Tbanks, Doc. That confirms my suspicion. The TDC sensor on the torsional balancer does not appear to be adjustable, and I could find no other way to change the initial timing.
Being as how my HC is high in the first test (15 MPH) on the CA ASM emission test, I was hoping to retard the timing a few degrees to increase the EGT. The exhaust manfolds only read about 470F with an IR gun near the head interface after several minutes of idling. I was surprised they were so cool with only 9 degrees ignition advance at idle. I suspect the converter is cooling off after several minutes of idling, which gets me near the limit on HC until the converter heats up. The HC on the second test - 25 MPH - is much lower relative to the limit, but still above average for my year group.
My most recent test a couple of months ago yielded 113 PPM HC at 15 MPH, and it did not help that they lowered the limit to 116 from 141 two years before. In that prior test I intentionally went in on a rainy day and asked them to run the "tire dry procedure" where they operate the engine at about 25 MPH on the rollers with no load for about a minute, then go right into the 15 MPH test. The HC was 87 PPM, and the O2 content was zero. In this last test with 113 PPM HC there was 0.1 percent O2, so a hotter converter will promote the use of that last bit of O2 to oxide the HC and CO. The O2 content for the 25 MPH test was zero in both the most recent test and two years ago. For my next test in a couple of years, I'll go on a rainy day again!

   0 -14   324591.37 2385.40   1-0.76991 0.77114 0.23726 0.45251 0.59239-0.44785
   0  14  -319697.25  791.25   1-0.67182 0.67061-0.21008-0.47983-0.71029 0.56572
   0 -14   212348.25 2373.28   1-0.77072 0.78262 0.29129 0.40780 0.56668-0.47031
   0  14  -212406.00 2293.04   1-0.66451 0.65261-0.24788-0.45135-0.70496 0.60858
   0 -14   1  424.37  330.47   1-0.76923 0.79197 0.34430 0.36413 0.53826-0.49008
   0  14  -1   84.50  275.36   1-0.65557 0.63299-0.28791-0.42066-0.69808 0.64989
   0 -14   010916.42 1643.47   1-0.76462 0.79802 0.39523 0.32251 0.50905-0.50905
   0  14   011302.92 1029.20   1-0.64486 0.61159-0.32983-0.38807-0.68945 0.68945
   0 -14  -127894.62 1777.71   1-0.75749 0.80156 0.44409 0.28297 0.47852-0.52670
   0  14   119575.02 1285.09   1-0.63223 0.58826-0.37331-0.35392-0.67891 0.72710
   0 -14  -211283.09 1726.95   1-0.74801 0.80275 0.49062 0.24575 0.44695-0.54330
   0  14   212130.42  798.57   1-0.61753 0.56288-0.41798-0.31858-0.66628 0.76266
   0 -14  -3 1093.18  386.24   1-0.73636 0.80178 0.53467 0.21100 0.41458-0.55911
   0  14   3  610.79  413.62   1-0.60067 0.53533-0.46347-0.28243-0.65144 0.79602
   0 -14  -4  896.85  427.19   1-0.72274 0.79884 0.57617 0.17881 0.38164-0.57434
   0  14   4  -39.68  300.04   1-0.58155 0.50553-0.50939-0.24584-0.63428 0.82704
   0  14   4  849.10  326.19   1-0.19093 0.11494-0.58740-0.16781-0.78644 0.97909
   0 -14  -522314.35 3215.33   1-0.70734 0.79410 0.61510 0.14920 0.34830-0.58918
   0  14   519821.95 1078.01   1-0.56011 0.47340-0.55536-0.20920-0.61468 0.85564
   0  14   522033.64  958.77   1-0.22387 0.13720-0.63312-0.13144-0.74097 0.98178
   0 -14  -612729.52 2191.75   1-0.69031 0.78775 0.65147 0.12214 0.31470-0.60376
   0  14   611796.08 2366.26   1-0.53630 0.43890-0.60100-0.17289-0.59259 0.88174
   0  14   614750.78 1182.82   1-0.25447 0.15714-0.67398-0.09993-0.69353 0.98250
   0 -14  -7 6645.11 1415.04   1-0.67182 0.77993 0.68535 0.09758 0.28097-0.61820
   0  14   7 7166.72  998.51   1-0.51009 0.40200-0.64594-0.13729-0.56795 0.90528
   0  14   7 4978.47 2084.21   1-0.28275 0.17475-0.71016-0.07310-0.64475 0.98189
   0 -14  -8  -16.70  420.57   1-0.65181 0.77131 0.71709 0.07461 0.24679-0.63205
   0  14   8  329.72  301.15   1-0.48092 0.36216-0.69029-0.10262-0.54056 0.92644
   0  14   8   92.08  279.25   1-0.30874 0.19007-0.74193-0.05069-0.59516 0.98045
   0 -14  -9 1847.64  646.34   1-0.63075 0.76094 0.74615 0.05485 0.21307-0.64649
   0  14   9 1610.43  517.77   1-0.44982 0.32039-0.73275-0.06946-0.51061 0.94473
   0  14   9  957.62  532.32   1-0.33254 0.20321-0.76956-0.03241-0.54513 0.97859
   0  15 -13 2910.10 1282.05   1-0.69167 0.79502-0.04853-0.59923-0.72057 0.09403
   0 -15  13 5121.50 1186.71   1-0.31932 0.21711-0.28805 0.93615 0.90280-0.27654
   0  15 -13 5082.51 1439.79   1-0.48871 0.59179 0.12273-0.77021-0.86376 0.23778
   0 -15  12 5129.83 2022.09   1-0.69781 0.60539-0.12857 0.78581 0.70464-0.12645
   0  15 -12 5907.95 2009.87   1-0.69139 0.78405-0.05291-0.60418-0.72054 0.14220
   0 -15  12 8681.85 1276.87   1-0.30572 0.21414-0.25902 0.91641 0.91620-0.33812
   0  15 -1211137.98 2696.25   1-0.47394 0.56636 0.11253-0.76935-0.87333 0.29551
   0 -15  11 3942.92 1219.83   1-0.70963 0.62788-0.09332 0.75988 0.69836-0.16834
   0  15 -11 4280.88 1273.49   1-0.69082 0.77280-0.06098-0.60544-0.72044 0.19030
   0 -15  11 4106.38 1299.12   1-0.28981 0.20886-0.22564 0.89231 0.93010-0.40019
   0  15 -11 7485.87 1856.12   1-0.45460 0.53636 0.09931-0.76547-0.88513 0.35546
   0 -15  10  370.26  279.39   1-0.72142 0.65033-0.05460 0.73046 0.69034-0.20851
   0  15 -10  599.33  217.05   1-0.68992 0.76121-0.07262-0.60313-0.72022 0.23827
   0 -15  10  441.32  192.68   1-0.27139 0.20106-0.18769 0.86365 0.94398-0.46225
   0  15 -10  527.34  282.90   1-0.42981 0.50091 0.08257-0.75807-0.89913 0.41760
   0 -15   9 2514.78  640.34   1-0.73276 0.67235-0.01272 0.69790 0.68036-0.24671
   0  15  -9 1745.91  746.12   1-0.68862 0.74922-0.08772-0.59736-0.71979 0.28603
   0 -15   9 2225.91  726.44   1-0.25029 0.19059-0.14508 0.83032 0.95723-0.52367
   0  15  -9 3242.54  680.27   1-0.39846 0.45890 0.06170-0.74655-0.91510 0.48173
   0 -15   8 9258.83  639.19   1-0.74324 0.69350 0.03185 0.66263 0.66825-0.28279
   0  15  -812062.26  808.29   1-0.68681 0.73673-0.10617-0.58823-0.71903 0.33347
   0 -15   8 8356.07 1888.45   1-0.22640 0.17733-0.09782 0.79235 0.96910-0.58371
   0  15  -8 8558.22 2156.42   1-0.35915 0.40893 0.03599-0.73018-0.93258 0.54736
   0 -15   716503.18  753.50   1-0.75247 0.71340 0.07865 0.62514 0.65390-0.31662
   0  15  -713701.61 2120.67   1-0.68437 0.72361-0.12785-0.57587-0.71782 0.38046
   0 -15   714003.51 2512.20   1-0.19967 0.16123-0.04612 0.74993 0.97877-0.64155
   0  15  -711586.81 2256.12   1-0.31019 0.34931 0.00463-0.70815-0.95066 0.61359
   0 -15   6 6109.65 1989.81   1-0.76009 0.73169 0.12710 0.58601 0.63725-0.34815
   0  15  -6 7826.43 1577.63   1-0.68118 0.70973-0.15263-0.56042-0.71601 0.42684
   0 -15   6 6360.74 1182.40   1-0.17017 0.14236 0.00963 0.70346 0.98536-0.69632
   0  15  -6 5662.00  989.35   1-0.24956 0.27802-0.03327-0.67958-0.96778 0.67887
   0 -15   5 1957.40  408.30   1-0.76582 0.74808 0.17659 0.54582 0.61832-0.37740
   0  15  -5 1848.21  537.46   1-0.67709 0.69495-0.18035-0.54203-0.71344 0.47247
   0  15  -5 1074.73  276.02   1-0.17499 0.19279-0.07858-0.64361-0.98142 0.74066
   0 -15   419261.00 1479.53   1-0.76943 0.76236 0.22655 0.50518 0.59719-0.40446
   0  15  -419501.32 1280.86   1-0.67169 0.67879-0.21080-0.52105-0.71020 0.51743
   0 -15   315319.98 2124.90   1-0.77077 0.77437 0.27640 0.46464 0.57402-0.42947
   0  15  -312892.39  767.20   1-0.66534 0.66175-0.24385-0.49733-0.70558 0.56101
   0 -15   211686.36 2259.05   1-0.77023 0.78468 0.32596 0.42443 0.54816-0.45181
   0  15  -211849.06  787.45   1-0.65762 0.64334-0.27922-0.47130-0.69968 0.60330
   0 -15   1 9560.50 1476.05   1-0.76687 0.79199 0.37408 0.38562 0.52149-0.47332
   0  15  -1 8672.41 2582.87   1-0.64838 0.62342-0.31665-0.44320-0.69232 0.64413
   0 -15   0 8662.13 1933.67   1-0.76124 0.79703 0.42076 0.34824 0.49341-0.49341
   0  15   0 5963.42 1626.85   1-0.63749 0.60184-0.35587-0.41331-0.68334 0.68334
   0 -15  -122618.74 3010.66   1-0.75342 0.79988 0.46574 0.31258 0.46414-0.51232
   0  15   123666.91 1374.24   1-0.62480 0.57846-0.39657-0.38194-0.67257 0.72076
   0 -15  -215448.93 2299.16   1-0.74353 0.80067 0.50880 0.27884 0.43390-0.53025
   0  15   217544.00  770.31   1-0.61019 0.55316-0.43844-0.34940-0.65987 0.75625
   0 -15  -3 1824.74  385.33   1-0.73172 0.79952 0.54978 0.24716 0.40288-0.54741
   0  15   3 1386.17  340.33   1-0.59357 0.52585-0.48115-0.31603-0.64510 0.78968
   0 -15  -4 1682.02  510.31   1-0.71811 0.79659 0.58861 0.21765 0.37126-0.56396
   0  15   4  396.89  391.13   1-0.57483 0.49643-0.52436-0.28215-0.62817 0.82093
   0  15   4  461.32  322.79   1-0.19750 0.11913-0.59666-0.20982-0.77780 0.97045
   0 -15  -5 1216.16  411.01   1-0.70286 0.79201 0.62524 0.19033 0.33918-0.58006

My '88 190E 2.6 has been identified as a "high emitter profile", and this may apply to other models with the 103 engine. There was a lady ahead of me in a '91 300SE and she made the 15 MPH HC bogey by only 1 PPM!